Spotlight on Geopolitics

The EU’s macroeconomic indicators for 2015 – the growth rate standing at 0.3 percent, the inflation rate at 0.2 percent – paint the picture of a continent severely affected by what economists call “secular stagnation“.

Secular stagnation is afflicting not only the EU but also Japan, and in the years ahead it will most probably end up engulfing the United States as well. Until recently, the only growth engines for the global economy were the BRICS countries. The slowdown in China and the economic woes experienced by Brazil and Russia have, however, reignited fears that the world economy is about to go off the rails, as the latest IMF warning clearly states.
The dire consequences of secular stagnation for Western economies could have been mitigated, if not reversed, by higher levels of public spending on infrastructure and on health and education systems. Instead, most EU countries under German leadership opted for the implementation of harsh and totally counterproductive austerity policies, which made matters worse.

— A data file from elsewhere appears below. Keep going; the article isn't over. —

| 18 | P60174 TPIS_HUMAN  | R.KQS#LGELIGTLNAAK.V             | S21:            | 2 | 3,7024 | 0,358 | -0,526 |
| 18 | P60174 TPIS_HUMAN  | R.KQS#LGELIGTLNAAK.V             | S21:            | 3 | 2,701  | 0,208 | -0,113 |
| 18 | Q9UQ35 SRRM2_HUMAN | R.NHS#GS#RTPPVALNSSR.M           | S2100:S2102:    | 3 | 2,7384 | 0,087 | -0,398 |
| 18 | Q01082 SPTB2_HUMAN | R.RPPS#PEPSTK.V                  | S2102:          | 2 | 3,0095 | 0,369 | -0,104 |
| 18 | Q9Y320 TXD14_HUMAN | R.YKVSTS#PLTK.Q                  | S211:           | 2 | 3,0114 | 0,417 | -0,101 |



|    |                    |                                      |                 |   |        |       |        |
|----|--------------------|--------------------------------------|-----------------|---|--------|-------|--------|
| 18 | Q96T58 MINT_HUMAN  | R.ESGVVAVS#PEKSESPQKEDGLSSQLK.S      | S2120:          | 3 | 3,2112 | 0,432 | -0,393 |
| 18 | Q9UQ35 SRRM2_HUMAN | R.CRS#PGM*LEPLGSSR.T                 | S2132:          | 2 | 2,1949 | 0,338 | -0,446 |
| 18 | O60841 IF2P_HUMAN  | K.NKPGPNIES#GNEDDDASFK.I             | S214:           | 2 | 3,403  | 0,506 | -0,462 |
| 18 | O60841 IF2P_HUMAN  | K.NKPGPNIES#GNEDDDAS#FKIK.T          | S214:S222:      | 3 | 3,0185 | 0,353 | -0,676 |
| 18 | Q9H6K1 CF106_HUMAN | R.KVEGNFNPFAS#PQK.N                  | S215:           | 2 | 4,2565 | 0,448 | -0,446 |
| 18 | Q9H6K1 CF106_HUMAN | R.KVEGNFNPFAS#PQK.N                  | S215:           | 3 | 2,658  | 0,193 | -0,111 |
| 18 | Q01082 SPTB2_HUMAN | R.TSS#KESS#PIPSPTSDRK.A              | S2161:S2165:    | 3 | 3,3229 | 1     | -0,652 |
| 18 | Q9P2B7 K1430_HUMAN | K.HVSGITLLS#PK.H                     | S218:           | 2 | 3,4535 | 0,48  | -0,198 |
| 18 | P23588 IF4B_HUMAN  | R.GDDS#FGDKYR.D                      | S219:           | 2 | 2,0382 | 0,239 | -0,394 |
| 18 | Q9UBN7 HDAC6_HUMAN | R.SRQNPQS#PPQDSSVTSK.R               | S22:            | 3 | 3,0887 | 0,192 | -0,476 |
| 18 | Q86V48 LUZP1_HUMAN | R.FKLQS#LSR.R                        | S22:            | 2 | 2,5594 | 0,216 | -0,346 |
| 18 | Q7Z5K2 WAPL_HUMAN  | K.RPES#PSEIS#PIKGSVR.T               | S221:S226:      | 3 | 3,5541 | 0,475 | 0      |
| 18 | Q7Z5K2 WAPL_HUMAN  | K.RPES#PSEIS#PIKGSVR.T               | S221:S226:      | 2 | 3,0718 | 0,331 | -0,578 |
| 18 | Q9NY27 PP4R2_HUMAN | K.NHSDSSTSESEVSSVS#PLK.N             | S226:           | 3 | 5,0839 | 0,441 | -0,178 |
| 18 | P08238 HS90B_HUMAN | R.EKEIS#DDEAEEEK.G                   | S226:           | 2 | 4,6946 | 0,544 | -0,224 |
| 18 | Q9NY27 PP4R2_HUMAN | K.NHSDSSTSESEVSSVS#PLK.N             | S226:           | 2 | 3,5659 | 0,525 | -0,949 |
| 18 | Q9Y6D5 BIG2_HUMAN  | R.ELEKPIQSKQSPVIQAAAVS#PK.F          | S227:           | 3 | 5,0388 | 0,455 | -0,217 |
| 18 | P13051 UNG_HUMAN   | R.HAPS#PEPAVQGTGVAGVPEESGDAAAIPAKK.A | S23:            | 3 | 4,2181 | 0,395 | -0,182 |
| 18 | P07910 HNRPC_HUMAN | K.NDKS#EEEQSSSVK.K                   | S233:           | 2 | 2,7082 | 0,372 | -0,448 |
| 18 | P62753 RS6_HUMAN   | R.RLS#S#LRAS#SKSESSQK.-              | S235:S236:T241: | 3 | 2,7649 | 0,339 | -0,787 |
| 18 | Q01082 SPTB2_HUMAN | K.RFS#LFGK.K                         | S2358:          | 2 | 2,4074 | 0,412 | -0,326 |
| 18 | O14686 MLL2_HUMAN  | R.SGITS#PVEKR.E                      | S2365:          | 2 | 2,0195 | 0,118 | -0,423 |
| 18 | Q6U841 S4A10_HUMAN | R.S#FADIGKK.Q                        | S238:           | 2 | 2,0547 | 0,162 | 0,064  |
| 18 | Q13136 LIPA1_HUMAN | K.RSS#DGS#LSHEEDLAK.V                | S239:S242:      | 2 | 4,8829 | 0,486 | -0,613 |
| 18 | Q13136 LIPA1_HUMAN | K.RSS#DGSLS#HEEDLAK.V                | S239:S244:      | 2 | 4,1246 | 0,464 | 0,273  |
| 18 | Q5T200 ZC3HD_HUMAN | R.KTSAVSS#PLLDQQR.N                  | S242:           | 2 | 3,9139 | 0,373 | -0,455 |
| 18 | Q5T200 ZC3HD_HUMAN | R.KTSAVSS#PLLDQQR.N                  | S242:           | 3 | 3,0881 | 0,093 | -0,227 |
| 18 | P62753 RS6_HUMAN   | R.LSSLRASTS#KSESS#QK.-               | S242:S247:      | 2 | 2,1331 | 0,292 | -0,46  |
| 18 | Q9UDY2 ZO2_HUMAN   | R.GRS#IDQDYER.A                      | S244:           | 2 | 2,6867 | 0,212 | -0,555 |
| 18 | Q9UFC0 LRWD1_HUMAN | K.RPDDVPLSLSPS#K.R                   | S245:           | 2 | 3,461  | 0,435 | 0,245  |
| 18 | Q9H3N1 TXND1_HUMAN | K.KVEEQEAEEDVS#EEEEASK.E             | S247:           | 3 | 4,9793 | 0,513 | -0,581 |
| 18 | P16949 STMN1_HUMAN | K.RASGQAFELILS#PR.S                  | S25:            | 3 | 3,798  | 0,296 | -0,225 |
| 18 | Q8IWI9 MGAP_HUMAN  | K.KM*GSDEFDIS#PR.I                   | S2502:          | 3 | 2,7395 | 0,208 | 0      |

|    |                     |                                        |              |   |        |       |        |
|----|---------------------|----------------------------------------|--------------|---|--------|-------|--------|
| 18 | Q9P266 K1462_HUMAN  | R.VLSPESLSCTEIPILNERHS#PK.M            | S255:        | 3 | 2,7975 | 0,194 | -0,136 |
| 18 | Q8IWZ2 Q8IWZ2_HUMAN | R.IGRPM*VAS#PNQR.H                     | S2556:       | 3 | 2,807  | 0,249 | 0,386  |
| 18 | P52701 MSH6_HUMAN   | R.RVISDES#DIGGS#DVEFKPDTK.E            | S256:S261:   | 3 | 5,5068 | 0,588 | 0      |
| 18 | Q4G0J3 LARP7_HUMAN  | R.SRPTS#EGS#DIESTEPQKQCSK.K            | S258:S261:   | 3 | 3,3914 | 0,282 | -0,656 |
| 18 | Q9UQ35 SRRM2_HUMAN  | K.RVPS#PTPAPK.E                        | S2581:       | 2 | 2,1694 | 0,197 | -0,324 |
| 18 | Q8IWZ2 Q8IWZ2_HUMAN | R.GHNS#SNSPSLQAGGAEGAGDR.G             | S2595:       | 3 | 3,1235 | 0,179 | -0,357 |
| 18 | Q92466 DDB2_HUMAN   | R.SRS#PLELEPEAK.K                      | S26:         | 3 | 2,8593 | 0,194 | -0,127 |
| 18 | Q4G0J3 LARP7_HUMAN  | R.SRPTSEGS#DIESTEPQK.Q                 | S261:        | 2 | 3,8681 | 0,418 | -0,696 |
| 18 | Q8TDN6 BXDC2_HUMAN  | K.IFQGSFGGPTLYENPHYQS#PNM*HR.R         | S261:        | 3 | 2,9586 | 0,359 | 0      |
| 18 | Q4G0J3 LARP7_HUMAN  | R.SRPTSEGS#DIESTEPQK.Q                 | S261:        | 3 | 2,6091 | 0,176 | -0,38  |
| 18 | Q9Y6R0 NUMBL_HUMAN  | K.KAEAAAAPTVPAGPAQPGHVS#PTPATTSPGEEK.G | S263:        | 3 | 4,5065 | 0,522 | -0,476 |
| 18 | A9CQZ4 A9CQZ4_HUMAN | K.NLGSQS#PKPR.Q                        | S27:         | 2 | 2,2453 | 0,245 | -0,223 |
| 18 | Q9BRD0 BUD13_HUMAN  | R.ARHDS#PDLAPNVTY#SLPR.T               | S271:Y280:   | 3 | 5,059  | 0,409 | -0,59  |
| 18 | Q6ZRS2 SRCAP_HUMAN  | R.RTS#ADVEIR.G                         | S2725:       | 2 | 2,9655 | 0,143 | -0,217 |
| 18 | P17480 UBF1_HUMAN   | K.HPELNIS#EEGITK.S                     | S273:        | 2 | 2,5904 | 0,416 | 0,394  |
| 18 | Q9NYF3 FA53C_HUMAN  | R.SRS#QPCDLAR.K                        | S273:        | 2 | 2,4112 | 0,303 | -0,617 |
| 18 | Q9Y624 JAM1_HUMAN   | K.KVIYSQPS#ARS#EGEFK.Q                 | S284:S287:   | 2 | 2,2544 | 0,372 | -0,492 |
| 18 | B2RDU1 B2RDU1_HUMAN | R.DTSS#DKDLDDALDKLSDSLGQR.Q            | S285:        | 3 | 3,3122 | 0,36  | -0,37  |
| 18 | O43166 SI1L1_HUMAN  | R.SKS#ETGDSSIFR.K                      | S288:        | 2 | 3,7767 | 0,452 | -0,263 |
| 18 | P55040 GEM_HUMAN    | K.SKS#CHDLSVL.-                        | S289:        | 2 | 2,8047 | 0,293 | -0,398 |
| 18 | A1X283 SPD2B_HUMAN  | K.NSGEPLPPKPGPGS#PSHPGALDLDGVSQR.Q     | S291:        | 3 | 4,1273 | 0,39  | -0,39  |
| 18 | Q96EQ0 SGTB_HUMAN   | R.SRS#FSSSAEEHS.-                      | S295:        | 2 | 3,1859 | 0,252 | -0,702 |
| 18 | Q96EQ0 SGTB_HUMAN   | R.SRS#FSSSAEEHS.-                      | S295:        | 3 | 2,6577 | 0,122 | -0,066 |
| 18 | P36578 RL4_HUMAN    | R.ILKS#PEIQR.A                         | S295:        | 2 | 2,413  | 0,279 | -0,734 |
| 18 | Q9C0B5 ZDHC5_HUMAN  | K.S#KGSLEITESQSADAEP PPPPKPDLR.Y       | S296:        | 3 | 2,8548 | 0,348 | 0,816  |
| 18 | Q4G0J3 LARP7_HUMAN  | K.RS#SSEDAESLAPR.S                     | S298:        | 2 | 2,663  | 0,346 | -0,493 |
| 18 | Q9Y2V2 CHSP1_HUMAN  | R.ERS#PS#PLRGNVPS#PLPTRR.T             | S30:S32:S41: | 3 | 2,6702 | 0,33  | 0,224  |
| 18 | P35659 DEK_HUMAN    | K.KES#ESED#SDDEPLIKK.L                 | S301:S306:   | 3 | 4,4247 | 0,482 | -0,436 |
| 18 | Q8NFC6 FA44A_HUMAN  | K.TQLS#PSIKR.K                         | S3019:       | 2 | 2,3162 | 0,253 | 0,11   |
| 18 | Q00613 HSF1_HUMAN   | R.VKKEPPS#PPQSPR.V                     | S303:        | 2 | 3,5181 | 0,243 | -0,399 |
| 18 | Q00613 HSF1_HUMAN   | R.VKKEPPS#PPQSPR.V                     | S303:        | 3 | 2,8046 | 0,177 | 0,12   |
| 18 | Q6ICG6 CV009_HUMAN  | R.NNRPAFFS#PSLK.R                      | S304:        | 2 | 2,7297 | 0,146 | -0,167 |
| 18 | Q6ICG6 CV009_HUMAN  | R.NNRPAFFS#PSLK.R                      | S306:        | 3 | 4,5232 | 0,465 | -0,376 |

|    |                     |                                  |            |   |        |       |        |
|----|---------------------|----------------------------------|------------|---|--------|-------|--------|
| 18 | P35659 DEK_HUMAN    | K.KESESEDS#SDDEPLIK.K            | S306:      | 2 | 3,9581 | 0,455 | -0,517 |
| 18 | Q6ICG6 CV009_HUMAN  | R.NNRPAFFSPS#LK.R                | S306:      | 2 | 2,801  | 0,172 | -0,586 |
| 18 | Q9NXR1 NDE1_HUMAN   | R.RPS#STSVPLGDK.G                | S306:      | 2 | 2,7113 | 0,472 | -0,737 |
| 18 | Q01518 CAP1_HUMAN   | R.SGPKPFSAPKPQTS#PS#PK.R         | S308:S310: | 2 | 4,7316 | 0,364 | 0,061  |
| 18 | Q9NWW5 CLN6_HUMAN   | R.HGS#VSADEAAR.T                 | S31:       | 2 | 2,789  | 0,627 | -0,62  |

Nowhere is the destruction of social fabric and political systems more evident than in the southern half of the EU. Greece is yet to register any signs of economic recovery after five years of the harshest austerity policies ever, while Portugal, Spain and Italy show only minor signs of recovery and stubbornly high levels of unemployment and social misery. Even Ireland, until recently deemed to have benefitted from austerity, has seen its political system unravel after the latest elections.

The danger in the political implosion of the above group of countries is real, as elections in 2015 have demonstrated. Neither Greece, nor Ireland, Portugal or Spain have returned traditional parties to power – a situation that has created political deadlock and instability, risking to make these countries ungovernable. Extremist and nationalist forces thrive in such an environment, further complicating matters for Brussels and for more stable (until now) northern members of the EU.

Weighing in on the dire political situation of southern EU members like Greece, Portugal and Spain is these states’ recent political history. Until the 1980s, they had been ruled by dictatorships and subsequently made enormous efforts to democratize their political systems in order to join the EU. Nowadays, the same union that bankrolled their valiant efforts during the last decades of the 20th century is imposing austerity policies which are in fact destroying both their societies and recently democratized political systems. For a majority of southern European citizens, the EU has failed to live up to their expectations and has become the problem, instead of the solution, to their plight.

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